- Associated Press - Wednesday, October 18, 2017

MONTGOMERY, Ala. (AP) - A federal appellate court upheld a stay of execution Wednesday for an Alabama inmate who is challenging the humaneness of the state’s lethal injection procedure.

Torrey Twane McNabb, 40, was scheduled to be put to death by lethal injection on Thursday for the 1997 shooting death of a police officer in Montgomery, Ala.

A three-judge panel of the 11th U.S. Circuit Court of Appeals upheld a stay issued by a lower court judge to allow for more proceedings in McNabb’s lawsuit, which contends that Alabama plans to use an unreliable sedative at the start of the procedure.

The Alabama attorney general’s office said it will ask the U.S. Supreme Court to let the execution proceed, arguing that justices have already allowed four lethal injections to be carried out in Alabama using the sedative.

McNabb was convicted of killing Montgomery police officer Anderson Gordon in 1997. Prosecutors say McNabb shot Gordon multiple times after he arrived at a traffic accident that McNabb caused while fleeing a bail bondsmen.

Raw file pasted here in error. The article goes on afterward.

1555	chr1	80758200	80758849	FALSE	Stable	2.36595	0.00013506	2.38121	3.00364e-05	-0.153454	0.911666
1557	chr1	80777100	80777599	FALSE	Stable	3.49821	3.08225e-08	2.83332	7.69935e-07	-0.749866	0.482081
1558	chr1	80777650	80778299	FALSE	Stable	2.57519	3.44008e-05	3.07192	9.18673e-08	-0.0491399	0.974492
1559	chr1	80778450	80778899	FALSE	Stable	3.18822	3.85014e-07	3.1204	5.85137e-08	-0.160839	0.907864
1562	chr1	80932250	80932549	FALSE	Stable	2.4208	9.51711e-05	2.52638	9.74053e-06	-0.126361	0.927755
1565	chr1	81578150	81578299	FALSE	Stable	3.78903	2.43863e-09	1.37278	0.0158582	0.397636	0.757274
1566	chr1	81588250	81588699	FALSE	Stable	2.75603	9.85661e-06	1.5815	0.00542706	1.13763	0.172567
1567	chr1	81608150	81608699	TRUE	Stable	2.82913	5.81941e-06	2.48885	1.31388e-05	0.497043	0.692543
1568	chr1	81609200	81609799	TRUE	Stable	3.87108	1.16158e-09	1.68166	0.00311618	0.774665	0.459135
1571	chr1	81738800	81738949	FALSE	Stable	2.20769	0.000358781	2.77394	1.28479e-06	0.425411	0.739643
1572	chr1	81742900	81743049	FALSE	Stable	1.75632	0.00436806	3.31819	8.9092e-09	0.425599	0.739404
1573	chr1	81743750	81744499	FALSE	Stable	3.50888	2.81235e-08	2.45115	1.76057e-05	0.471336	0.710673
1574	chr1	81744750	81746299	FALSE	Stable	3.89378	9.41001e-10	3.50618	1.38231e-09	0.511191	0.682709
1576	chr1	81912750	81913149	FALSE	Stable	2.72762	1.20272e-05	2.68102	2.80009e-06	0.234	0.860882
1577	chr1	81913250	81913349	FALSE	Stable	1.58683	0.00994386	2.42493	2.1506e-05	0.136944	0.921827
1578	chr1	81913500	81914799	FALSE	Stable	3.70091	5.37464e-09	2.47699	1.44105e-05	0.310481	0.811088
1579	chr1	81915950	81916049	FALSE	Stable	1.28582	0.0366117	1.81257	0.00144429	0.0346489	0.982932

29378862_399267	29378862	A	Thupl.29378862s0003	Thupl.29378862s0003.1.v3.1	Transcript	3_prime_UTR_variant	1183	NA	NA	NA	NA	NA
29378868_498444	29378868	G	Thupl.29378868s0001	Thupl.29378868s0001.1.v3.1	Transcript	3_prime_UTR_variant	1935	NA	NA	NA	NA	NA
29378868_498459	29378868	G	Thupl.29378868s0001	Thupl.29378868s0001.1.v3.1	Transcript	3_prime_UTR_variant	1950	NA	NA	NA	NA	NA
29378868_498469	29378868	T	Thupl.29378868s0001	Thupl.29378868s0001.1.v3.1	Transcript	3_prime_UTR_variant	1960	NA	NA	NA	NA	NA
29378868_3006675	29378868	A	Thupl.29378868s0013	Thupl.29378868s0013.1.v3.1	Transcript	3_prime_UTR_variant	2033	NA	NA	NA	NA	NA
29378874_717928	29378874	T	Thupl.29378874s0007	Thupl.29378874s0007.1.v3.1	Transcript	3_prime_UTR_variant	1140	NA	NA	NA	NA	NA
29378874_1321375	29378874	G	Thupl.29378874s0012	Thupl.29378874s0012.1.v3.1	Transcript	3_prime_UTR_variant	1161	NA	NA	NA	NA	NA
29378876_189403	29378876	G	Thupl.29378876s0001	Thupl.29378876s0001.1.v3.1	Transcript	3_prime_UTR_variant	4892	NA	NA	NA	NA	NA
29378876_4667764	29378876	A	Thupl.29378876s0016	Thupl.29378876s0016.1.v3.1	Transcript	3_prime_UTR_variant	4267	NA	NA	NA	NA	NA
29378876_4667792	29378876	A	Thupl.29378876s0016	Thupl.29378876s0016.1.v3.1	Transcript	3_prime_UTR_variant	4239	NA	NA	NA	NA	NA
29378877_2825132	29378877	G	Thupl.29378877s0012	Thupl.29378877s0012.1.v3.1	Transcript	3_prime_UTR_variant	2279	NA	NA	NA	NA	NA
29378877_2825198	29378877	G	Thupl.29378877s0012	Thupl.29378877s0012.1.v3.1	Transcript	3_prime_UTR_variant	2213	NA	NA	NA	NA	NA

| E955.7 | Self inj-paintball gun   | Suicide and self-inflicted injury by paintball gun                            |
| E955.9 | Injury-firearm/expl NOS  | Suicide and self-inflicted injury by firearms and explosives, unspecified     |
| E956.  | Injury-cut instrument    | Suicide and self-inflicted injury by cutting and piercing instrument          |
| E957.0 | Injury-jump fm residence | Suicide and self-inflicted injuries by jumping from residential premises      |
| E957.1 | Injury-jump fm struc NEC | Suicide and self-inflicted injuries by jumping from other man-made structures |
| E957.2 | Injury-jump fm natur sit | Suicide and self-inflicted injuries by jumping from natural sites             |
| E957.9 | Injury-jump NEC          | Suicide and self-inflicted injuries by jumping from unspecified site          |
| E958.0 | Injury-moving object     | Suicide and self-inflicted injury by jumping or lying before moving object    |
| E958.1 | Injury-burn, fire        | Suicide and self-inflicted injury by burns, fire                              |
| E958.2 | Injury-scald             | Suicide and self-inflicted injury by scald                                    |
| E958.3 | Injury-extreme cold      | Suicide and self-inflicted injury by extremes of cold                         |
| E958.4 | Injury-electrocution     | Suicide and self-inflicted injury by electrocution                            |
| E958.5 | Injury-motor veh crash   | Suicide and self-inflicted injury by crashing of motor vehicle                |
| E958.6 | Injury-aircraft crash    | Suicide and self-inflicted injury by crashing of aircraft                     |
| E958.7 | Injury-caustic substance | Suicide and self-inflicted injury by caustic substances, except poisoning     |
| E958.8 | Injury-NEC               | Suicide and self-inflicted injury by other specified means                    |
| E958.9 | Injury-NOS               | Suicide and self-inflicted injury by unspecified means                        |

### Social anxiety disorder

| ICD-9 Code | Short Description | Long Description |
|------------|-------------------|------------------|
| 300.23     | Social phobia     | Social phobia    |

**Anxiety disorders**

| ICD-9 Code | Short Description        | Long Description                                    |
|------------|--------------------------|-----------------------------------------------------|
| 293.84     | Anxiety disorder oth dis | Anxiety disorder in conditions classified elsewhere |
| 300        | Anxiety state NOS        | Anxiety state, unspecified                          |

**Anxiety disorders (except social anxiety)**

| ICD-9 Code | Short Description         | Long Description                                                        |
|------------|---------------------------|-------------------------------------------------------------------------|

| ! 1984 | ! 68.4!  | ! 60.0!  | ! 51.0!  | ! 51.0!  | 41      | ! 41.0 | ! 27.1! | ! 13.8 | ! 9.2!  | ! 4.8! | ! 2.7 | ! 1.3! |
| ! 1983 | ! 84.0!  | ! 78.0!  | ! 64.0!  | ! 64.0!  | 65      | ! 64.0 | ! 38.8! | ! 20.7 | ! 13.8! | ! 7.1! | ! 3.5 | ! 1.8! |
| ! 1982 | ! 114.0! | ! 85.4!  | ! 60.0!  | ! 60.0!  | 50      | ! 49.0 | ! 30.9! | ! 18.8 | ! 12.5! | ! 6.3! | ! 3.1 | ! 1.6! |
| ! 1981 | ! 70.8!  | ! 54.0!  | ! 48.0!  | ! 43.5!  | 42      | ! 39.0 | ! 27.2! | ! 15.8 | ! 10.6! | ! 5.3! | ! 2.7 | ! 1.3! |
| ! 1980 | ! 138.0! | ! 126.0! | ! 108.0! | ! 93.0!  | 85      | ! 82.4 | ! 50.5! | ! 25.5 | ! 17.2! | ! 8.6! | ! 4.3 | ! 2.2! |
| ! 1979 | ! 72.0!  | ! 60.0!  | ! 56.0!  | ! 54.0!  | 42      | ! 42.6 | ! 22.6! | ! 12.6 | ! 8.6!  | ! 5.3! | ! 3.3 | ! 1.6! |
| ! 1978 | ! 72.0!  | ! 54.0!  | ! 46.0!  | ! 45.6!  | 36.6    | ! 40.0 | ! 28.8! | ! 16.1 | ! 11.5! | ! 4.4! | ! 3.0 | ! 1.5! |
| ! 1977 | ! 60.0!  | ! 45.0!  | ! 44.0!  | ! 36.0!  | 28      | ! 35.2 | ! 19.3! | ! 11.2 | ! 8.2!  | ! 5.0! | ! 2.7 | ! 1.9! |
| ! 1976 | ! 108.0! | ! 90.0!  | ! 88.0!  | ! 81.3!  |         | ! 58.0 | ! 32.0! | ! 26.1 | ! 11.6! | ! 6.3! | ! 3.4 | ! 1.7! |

McNabb is one of several inmates in an ongoing lawsuit challenging the state’s use of the sedative midazolam at the start of executions, saying it would not reliably render them unconscious before other drugs stopped their lungs and heart. The 11th Circuit last month said a federal judge prematurely dismissed their lawsuit, and ordered the judge to hold additional proceedings.

“This court ordered that Mr. McNabb was entitled to further proceedings on the merits of his case challenging the constitutionality of Alabama’s execution protocol,” John Palombi, an attorney for McNabb, wrote in the filing to the 11th Circuit.

The state has argued McNabb has presented no new information to merit blocking the execution.

“Alabama has already carried out four executions using this protocol. Three of those executed inmates were co-plaintiffs in this case, and their stay requests were denied by both the Supreme Court and this Court,” the Alabama attorney general’s office told the 11th Circuit.

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